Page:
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Ivan Borrello, MD, associate professor of oncology, Johns Hopkins Sidney Kimmel Comprehensive Cancer Center, Baltimore, talks about the potential of adoptive T-cell therapies in the treatment of multiple myeloma.
Offering an overview of how chimeric antigen receptor (CAR) T-cell therapy works — from gene modification to antibody expression to protein targets — Borrello discusses distinct approaches currently under investigation.
“The rationale for targeting myeloma with a CD19 is … has significant biological appeal … and potentially some clinical validity as well.”
He details the dramatic reduction in disease burden and disappearance of gene-modified T cells seen in research at the University of Pennsylvania and why the findings offer “a dominant explanation” for CAR T-cell therapy efficacy.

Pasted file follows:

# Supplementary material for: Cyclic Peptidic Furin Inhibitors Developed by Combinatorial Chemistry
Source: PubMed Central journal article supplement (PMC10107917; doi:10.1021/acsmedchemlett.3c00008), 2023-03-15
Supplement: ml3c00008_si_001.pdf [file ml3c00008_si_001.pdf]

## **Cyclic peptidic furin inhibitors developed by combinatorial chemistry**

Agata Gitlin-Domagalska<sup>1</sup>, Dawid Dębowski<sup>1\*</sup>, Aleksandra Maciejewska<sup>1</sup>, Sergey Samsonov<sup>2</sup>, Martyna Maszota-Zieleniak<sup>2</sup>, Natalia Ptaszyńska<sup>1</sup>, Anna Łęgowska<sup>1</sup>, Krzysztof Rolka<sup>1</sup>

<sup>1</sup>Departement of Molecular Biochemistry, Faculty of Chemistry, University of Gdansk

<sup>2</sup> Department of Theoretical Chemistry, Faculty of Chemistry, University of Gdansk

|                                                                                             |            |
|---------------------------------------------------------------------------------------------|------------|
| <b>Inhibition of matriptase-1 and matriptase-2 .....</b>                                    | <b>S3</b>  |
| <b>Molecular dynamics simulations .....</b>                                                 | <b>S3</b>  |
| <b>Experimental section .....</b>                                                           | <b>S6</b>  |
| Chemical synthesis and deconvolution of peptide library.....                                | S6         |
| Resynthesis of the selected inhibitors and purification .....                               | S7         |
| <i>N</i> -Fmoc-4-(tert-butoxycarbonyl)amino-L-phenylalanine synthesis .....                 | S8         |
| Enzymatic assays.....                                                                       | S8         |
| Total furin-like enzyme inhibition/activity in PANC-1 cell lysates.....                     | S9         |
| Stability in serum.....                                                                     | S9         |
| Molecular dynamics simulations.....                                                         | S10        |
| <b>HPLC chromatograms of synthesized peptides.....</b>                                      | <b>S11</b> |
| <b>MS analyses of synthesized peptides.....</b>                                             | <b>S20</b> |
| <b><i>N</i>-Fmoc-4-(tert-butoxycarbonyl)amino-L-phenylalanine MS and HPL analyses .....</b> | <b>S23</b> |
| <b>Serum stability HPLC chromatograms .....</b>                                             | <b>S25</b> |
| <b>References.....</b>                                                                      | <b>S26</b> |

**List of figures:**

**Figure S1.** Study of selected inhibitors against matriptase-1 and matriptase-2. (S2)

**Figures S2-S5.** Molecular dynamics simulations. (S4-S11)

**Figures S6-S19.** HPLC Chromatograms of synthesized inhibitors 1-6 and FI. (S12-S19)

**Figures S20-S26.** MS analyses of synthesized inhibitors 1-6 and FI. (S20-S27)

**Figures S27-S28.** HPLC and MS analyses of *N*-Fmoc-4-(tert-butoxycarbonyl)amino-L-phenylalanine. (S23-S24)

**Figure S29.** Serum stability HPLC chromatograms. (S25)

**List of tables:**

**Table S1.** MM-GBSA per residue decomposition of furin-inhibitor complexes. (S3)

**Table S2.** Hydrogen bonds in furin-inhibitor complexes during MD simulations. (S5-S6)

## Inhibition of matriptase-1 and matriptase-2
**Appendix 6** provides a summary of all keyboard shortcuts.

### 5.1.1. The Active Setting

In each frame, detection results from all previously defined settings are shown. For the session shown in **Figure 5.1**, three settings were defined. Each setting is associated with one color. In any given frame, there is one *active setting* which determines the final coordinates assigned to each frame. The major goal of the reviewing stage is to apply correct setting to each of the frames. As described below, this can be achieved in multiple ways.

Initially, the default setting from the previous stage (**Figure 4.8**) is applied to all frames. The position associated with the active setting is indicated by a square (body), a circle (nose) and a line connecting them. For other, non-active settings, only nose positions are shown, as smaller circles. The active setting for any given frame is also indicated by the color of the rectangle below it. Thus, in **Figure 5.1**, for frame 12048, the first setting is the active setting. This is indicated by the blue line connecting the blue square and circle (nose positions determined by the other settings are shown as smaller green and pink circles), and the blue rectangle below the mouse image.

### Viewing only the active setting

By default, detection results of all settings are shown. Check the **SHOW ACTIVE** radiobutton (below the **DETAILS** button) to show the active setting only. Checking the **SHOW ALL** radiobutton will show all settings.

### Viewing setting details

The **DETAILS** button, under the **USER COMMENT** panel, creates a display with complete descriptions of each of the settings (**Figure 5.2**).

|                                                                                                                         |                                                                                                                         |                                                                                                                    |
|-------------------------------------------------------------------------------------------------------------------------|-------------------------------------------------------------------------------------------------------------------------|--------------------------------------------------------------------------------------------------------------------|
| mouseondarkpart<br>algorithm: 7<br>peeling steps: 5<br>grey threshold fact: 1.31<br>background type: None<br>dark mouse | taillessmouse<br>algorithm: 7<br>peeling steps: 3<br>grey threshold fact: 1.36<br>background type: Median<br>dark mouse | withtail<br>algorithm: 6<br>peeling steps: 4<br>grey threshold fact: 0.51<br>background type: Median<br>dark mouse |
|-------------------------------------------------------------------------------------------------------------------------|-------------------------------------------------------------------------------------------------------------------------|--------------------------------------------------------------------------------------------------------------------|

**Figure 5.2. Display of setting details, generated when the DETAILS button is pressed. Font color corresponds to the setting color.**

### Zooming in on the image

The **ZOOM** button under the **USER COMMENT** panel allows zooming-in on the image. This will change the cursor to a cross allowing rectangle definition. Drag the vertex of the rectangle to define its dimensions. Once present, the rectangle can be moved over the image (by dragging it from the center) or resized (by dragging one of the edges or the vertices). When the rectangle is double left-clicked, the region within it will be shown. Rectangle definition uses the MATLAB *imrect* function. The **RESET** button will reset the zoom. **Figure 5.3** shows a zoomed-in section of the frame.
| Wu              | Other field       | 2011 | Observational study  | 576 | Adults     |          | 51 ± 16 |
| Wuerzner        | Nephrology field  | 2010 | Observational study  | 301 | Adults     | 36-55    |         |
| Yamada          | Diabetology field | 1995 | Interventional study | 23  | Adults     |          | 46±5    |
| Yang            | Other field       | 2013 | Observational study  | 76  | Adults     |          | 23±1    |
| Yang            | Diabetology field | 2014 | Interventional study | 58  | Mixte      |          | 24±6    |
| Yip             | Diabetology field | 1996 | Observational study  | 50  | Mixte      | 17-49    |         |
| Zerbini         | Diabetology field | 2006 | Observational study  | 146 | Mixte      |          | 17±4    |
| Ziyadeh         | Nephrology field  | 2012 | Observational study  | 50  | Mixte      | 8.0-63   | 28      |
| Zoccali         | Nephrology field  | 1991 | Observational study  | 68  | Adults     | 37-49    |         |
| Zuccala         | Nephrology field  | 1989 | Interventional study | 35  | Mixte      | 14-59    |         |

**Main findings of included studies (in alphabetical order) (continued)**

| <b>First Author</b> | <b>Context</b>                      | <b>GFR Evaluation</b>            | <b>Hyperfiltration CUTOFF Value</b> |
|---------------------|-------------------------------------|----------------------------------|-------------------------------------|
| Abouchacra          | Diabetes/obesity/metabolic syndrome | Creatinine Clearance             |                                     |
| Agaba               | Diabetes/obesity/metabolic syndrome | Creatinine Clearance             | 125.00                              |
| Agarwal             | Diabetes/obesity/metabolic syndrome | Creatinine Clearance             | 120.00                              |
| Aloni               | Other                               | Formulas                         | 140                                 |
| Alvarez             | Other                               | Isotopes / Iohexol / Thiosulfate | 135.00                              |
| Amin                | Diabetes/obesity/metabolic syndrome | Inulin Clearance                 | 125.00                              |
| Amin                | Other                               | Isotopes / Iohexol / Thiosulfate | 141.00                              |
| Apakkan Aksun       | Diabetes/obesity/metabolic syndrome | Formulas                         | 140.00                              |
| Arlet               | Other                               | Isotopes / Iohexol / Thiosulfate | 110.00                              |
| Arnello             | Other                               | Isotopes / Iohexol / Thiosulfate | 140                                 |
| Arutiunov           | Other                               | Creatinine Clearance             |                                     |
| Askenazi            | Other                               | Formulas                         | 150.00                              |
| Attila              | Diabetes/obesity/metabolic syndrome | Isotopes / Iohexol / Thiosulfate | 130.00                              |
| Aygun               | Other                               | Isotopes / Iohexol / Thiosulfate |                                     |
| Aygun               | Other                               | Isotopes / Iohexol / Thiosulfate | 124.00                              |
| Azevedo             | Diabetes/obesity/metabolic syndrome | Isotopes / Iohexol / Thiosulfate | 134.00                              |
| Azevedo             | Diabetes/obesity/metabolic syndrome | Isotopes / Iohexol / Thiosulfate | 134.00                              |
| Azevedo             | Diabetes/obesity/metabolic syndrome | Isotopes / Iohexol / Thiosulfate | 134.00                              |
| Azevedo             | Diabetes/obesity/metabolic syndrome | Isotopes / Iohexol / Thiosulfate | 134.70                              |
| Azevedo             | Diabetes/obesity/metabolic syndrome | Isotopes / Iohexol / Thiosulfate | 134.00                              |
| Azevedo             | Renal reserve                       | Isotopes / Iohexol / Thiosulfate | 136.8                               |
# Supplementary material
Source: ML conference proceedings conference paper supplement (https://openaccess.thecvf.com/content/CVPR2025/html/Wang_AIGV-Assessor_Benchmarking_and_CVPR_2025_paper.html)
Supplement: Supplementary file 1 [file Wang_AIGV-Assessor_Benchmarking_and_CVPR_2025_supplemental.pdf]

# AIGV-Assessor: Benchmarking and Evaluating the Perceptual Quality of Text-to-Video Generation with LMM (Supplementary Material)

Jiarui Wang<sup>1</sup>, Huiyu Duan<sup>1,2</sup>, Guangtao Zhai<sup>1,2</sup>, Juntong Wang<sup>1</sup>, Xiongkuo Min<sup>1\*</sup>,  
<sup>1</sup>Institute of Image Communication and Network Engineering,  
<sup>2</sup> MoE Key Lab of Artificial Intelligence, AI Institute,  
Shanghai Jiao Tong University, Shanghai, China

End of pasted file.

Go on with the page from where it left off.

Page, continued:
Borrello highlights another method being studied at the NCI targeting B-cell maturation antigen (BCMA).
“The NIH has shown … there appears to be rather significant responses associated with these BCMA-targeted CAR T cells in patients that have received the highest dose.”
He delves into the associated cytokine release syndrome that has “confounded” the field and describes algorithms and “suicide genes” in development that stand to improve tolerability.
Additionally, he highlights the potential issue of antigen-escape variants upon relapse and related investigations underway at Johns Hopkins involving marrow infiltrating lymphocytes.
Borello notes CD38 and kappa and lambda light chains as other areas being explored but that the efficacy data is still premature.
“Immunotherapy is quickly becoming a mainstay in the treatment of multiple myeloma,” he said. “Adoptive T-cell therapy, as well as checkpoint inhibitors and ultimately vaccines, will all be playing a role.”
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